Delivery is still an issue – from readers visiting libraries in the past for content consumption, to wanting the content delivered to them. “Print brands have given up the will to fight and are trying to join the digital crowd that has weapons stolen from print itself. Yes, the world of delivery has changed, not consumption of content,” said Mr Nath.


But with readers wanting immediate access to content, 24×7, digital is only going to grow. It is time that that magazines move faster towards the digital era, according to Mr. Sathiraju.



The way forward

“In India, spend on magazines continues to grow because of an increase in literacy, increase in disposal income and lower internet penetration. Therefore, Indian publishers are embracing digital formats. Print advertising is currently 10 times the digital advertising in India. Over the next five years, the penetration of digital will increase. And that is why CyberMedia has reoriented its strategy around creating of a media mesh,” predicted Mr Gupta.


Mr Nath said that the question of digital versus print comes from the English-educated class in India. He said, “Long ago in India, content used to be created and consumed under the banyan tree. Now it is in front of a screen but the quality of this content is poor, one-way, where hundreds speak and no one listens. In India among the English educated there is a problem as this class cannot enjoy English content (is there any English Indian serials or English Indian movies or English Indian music?) whether in print or on digital media. This class keeps shouting that print is dying as it does not know how to ‘read’ in any language.”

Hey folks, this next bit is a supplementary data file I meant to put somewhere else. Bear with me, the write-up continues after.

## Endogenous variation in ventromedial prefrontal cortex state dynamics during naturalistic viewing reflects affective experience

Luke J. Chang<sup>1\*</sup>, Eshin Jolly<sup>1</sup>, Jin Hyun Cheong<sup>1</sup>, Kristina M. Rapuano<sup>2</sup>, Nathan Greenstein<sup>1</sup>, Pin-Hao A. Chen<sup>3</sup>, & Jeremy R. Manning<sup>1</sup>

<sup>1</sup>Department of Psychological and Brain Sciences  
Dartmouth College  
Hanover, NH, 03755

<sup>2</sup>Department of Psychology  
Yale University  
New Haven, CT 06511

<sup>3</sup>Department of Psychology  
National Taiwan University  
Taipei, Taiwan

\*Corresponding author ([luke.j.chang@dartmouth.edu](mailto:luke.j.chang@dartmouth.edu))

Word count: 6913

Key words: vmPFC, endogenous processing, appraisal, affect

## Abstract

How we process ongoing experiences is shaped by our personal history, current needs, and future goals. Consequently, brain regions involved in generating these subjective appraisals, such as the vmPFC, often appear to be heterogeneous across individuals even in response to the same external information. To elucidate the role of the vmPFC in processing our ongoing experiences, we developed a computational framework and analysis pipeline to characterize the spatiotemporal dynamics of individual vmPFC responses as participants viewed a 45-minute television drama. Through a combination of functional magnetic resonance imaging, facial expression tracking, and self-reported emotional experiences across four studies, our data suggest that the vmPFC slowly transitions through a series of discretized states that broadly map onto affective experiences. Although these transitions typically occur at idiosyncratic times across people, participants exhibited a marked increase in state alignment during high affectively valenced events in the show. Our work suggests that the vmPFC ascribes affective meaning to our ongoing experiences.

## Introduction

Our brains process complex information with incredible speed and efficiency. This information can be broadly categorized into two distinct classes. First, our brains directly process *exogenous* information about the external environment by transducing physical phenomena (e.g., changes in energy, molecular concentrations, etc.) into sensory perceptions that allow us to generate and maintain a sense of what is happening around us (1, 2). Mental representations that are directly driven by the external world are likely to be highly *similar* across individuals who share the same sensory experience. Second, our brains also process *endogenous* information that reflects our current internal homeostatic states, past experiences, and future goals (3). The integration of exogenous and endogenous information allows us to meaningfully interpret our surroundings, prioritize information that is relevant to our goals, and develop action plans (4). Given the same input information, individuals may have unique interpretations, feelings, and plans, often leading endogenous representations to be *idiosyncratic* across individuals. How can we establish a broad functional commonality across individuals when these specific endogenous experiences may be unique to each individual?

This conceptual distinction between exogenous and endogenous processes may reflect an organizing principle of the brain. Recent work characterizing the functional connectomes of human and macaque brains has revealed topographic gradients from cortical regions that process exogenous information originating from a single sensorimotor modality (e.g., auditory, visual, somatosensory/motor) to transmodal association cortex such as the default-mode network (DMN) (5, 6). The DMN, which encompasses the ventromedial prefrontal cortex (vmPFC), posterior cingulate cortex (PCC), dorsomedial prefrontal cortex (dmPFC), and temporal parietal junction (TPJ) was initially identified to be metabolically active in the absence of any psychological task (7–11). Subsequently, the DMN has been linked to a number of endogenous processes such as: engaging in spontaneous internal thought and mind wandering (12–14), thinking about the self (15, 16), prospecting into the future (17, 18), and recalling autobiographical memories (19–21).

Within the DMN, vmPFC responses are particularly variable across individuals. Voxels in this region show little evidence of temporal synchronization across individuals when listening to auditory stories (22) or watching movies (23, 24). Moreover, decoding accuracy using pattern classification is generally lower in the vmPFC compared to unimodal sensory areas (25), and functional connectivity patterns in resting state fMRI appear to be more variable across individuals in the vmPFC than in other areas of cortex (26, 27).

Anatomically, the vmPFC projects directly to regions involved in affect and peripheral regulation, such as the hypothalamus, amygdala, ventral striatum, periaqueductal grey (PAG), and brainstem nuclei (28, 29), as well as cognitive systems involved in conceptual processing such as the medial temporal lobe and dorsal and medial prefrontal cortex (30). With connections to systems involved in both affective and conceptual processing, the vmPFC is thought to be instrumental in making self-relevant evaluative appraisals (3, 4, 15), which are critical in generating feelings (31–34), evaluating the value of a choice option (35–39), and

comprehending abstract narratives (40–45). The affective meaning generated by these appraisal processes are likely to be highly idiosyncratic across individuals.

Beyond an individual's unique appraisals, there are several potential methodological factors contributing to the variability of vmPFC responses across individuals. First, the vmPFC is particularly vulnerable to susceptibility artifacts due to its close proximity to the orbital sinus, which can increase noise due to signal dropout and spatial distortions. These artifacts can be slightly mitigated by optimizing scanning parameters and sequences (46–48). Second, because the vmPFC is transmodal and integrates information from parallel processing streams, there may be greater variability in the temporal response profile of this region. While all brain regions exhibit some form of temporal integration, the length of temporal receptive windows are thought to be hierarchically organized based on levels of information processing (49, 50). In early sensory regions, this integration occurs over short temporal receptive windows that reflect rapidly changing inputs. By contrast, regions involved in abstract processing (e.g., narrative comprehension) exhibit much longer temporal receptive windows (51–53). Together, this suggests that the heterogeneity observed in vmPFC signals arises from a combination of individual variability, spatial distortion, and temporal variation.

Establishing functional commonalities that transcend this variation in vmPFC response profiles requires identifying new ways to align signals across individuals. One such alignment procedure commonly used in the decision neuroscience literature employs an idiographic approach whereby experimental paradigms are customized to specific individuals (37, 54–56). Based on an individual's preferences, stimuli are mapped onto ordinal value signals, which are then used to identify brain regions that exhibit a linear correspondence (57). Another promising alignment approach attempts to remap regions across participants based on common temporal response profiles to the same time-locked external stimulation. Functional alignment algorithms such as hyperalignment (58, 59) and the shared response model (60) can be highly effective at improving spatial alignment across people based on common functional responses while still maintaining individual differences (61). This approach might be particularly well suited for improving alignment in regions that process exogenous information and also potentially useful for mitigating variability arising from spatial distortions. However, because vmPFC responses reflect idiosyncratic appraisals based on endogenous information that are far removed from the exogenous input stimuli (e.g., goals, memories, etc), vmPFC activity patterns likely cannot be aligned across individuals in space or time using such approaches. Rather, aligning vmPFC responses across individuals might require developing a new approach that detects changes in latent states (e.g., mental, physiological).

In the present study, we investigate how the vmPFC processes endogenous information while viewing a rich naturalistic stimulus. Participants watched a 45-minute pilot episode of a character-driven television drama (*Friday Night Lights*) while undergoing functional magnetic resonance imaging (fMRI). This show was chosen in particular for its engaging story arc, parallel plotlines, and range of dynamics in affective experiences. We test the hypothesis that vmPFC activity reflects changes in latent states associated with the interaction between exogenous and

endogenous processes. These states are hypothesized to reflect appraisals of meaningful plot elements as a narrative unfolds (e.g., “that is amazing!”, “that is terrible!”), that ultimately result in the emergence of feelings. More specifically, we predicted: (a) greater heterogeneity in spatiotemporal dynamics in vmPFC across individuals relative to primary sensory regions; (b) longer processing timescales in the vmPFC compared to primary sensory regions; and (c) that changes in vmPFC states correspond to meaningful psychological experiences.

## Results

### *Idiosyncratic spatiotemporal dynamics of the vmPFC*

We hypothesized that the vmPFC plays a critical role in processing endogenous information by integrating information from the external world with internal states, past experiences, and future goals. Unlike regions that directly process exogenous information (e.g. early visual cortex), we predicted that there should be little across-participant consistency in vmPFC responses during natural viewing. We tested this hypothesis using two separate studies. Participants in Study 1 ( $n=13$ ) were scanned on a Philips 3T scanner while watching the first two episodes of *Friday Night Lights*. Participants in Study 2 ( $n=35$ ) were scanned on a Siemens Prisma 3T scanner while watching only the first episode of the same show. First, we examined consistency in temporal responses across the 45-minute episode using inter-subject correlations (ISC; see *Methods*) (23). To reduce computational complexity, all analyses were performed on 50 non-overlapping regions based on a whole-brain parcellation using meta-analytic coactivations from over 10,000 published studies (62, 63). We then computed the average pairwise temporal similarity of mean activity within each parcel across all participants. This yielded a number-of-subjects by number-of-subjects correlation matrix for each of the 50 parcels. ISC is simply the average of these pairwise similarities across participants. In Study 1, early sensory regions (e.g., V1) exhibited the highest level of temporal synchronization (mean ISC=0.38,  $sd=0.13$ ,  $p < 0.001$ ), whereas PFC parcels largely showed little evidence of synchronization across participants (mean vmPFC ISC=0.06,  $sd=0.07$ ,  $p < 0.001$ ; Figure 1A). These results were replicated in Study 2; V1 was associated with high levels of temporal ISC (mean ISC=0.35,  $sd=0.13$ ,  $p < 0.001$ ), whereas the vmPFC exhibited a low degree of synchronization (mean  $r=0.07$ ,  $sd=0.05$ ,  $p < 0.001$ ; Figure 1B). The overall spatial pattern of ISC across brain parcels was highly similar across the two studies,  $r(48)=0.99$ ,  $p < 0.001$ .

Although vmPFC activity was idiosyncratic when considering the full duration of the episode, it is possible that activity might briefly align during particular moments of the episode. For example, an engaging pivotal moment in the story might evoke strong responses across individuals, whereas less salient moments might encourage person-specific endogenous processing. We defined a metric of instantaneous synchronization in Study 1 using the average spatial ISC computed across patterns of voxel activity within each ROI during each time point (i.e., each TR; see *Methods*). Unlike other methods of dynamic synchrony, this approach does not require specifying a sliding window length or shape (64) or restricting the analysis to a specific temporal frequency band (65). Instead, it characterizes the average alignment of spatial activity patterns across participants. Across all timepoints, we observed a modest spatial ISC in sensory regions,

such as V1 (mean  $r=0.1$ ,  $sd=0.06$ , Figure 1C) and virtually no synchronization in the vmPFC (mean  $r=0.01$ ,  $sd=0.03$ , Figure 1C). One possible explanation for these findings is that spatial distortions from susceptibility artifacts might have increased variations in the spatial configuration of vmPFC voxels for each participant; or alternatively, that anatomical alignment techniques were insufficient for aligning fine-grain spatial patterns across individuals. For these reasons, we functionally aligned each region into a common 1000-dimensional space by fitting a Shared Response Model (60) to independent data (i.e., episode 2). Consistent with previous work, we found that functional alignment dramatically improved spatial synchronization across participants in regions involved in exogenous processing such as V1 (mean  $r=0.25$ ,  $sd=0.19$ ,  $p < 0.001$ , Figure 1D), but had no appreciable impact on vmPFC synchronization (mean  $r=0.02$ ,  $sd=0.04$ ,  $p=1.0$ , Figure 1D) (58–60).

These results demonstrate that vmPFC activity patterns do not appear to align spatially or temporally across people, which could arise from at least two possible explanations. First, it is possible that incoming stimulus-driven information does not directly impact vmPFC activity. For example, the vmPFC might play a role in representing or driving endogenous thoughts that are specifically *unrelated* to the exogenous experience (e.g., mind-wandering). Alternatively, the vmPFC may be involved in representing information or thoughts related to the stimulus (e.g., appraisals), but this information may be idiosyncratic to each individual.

The view might hold true but the increased consumption of magazines on digital platforms cannot be ignored.


“It’s anybody’s guess as to when the digital versions of magazines will become bigger than the printed ones. I firmly believe that the lifestyle and special-interest magazines space will continue to grow in both. It is the sunrise sector of Indian media. And both the print as well as the digital versions will grow, allowing our content to reach an even wider audience,” said Mr Rai.


As Mr Chandy concluded, “The Indian print industry needs to be ready for the future. Currently online penetration is single-digit. This is likely to change in the near future, especially in the metros.” Thus, publishers need to be platform-agnostic and essentially become content managers. Their primary task will be to reach the audience through whichever platform is relevant.